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Why Are My Lips Always Chapped?

author image Brenda Hagood
Brenda Hagood has been a writer and speech therapist since 1982, and a nonprofit director. She wrote manuals for Total Learning Curriculum and enjoys health, education and family life research. Hagood holds a bachelor's degree in communicative disorders from California State University, Fullerton, and a master's degree in speech pathology from Loma Linda University.
Why Are My Lips Always Chapped?
You can help prevent chapped lips by learning what causes them. Photo Credit lips image by anna karwowska from <a href="http://www.fotolia.com">Fotolia.com</a>

Chapped lips can be both unsightly and uncomfortable. Often the more we try to remedy the problem, the more we aggravate the situation. Sometimes lips can become so chapped they crack and bleed. Several factors can cause lip irritation and drying. Becoming familiar with these factors can set you on the path to preventing lip chafing.


Climate extremes can cause lip chapping. In the winter, dry wind and cold temperatures can cause lips to lose their moisture. Indoor heat can cause a lack humidity, which aggravates the situation. In the summer, an arid environment can dry out lips. It is important to protect your lips.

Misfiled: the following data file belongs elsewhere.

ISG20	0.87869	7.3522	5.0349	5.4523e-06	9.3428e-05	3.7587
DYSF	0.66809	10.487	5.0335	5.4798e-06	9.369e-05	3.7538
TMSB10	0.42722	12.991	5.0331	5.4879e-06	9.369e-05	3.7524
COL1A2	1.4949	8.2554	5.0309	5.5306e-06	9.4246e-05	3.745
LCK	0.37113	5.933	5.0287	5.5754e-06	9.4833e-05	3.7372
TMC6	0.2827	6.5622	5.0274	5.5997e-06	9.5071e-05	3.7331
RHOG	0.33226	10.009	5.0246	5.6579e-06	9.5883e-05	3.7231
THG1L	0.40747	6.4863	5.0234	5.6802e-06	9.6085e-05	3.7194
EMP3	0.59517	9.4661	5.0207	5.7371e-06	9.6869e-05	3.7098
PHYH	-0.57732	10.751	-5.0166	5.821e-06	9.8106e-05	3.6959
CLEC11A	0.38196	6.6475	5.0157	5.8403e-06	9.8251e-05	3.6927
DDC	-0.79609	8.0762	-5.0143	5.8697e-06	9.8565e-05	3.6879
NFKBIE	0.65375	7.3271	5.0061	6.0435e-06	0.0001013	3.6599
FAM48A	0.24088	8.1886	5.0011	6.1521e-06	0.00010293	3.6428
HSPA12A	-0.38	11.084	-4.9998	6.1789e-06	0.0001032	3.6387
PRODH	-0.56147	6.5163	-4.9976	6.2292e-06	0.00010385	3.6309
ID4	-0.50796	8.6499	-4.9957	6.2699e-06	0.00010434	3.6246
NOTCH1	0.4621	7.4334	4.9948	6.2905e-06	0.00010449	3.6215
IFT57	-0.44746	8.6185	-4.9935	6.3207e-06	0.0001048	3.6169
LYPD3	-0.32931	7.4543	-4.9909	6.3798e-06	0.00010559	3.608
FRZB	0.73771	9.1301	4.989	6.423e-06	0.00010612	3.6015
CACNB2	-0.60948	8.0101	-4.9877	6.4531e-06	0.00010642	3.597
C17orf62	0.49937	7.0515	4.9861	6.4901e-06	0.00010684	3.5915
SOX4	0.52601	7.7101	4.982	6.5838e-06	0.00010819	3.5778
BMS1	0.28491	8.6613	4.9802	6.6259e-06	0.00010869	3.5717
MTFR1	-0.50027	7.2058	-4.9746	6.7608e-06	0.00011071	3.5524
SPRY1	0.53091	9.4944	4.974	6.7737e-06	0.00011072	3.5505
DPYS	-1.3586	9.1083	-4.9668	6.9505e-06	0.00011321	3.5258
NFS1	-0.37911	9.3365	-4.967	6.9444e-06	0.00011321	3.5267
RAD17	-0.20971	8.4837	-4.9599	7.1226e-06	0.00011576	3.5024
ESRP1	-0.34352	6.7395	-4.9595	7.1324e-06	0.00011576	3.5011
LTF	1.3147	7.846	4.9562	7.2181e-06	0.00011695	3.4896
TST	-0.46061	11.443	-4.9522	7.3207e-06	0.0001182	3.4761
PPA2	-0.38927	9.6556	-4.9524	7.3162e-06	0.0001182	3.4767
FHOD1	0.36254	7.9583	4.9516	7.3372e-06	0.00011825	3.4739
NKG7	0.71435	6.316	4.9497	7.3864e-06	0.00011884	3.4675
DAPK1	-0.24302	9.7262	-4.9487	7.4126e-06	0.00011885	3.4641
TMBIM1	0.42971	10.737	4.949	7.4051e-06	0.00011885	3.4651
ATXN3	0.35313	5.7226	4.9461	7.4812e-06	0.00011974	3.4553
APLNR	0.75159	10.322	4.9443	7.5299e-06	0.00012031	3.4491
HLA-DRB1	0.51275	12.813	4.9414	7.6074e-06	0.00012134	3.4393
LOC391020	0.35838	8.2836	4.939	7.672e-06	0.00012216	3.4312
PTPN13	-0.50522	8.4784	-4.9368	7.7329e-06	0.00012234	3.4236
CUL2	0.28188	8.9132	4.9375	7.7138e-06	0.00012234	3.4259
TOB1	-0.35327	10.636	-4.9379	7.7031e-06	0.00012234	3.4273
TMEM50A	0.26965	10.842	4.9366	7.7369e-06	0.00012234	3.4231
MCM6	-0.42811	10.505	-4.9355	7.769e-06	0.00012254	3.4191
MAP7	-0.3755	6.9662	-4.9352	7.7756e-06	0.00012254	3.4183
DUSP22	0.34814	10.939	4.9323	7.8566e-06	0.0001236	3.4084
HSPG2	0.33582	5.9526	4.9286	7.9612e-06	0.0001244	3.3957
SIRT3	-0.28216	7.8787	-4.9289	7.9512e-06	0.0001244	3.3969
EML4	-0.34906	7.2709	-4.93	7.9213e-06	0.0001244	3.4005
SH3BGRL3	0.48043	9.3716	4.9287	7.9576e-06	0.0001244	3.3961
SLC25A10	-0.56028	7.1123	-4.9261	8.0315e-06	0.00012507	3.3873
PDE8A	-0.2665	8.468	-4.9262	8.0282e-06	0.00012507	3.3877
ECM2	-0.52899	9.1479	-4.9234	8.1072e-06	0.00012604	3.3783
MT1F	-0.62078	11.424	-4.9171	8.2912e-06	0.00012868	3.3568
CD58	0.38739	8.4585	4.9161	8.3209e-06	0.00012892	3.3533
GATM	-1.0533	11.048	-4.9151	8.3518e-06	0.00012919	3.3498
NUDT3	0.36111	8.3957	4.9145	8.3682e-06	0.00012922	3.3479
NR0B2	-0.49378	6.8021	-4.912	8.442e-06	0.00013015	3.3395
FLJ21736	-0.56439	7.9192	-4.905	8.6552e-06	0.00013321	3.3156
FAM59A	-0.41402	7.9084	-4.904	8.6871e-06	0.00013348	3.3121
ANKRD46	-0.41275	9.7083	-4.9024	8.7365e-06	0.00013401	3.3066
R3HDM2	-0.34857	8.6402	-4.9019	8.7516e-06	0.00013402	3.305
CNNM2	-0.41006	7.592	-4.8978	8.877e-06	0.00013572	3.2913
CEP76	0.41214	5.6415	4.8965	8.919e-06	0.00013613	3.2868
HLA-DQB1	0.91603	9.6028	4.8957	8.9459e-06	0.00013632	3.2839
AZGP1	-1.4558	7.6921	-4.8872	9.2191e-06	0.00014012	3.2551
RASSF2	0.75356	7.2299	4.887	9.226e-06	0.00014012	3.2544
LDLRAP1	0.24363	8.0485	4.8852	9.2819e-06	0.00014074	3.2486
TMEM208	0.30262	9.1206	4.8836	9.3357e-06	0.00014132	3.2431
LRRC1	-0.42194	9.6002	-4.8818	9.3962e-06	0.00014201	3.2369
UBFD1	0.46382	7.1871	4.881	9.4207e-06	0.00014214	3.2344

Oral Habits

Several oral habits can contribute to chapped lips. Licking the lips is a common cause. This can become a vicious cycle, as the drier the lips feel, the more inclined a person may be to lick them. Some people have conditions that lead to breathing through an open mouth. Dentist Joseph Sarkissian of Glendale, Calif., notes that allergies, nasal polyps, tonsil hypertrophy, deviated nasal septum and constricted upper airways are some of the causes of mouth breathing. Smoking can also cause chapped lips.


Vitamin deficiencies are often first noted in the mouth, according to Dr. Riva Touger-Decker of the University of Medicine and Dentistry of New Jersey. She reports that vitamins B6, niacin, riboflavin and iron have been linked to a condition called cheilosis, or dry scaling of the lips.


Unlike other skin on your body, your lips do not produce natural oils that could protect them, according to the American Academy of Dermatology. Therefore they dry out and chafe easily. When you wash your face, especially the mouth area, both soap and the rubbing of the lips can cause chapping.

Medication and Disease

Dry lips may indicate an underlying problem, though this is rare, according to Dr. Lawrence E. Gibson of the Mayo Clinic. Some diseases have been known to have a drying effect on the skin, including the lips. Some medications can also contribute to lip chapping. Talk to your doctor if you have a chronic problem of chapped or dry lips.

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